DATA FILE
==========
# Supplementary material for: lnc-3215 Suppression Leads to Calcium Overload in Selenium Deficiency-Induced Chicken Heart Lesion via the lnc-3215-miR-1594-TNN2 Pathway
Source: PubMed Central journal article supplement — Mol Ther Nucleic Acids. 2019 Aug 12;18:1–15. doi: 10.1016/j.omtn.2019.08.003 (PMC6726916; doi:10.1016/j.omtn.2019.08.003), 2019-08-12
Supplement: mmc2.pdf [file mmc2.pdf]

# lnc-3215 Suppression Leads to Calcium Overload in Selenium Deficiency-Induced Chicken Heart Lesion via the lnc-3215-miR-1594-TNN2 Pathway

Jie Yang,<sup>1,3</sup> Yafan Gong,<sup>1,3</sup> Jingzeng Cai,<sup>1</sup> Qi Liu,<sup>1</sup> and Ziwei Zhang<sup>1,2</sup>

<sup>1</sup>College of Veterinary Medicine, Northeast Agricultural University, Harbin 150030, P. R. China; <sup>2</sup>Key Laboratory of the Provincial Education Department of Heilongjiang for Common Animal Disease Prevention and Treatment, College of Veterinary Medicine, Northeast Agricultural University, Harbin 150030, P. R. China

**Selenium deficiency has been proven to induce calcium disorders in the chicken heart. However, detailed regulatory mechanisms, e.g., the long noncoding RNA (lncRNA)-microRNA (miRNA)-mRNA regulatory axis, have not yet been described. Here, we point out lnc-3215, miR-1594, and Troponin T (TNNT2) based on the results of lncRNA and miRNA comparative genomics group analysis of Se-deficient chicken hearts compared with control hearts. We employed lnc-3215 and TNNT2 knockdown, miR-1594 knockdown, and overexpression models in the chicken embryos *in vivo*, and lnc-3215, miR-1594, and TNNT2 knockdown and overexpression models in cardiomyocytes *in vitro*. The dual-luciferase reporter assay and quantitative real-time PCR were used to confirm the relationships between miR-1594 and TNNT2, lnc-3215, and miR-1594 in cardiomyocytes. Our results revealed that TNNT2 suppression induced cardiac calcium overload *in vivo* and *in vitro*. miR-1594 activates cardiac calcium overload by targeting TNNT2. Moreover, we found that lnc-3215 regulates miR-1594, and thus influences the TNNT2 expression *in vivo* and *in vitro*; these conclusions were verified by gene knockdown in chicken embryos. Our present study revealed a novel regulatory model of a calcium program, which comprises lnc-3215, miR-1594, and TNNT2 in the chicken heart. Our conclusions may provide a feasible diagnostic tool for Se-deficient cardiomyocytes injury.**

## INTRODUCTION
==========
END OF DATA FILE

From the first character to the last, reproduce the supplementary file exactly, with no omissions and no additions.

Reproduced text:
# Supplementary material for: lnc-3215 Suppression Leads to Calcium Overload in Selenium Deficiency-Induced Chicken Heart Lesion via the lnc-3215-miR-1594-TNN2 Pathway
Source: PubMed Central journal article supplement — Mol Ther Nucleic Acids. 2019 Aug 12;18:1–15. doi: 10.1016/j.omtn.2019.08.003 (PMC6726916; doi:10.1016/j.omtn.2019.08.003), 2019-08-12
Supplement: mmc2.pdf [file mmc2.pdf]

# lnc-3215 Suppression Leads to Calcium Overload in Selenium Deficiency-Induced Chicken Heart Lesion via the lnc-3215-miR-1594-TNN2 Pathway

Jie Yang,<sup>1,3</sup> Yafan Gong,<sup>1,3</sup> Jingzeng Cai,<sup>1</sup> Qi Liu,<sup>1</sup> and Ziwei Zhang<sup>1,2</sup>

<sup>1</sup>College of Veterinary Medicine, Northeast Agricultural University, Harbin 150030, P. R. China; <sup>2</sup>Key Laboratory of the Provincial Education Department of Heilongjiang for Common Animal Disease Prevention and Treatment, College of Veterinary Medicine, Northeast Agricultural University, Harbin 150030, P. R. China

**Selenium deficiency has been proven to induce calcium disorders in the chicken heart. However, detailed regulatory mechanisms, e.g., the long noncoding RNA (lncRNA)-microRNA (miRNA)-mRNA regulatory axis, have not yet been described. Here, we point out lnc-3215, miR-1594, and Troponin T (TNNT2) based on the results of lncRNA and miRNA comparative genomics group analysis of Se-deficient chicken hearts compared with control hearts. We employed lnc-3215 and TNNT2 knockdown, miR-1594 knockdown, and overexpression models in the chicken embryos *in vivo*, and lnc-3215, miR-1594, and TNNT2 knockdown and overexpression models in cardiomyocytes *in vitro*. The dual-luciferase reporter assay and quantitative real-time PCR were used to confirm the relationships between miR-1594 and TNNT2, lnc-3215, and miR-1594 in cardiomyocytes. Our results revealed that TNNT2 suppression induced cardiac calcium overload *in vivo* and *in vitro*. miR-1594 activates cardiac calcium overload by targeting TNNT2. Moreover, we found that lnc-3215 regulates miR-1594, and thus influences the TNNT2 expression *in vivo* and *in vitro*; these conclusions were verified by gene knockdown in chicken embryos. Our present study revealed a novel regulatory model of a calcium program, which comprises lnc-3215, miR-1594, and TNNT2 in the chicken heart. Our conclusions may provide a feasible diagnostic tool for Se-deficient cardiomyocytes injury.**

## INTRODUCTION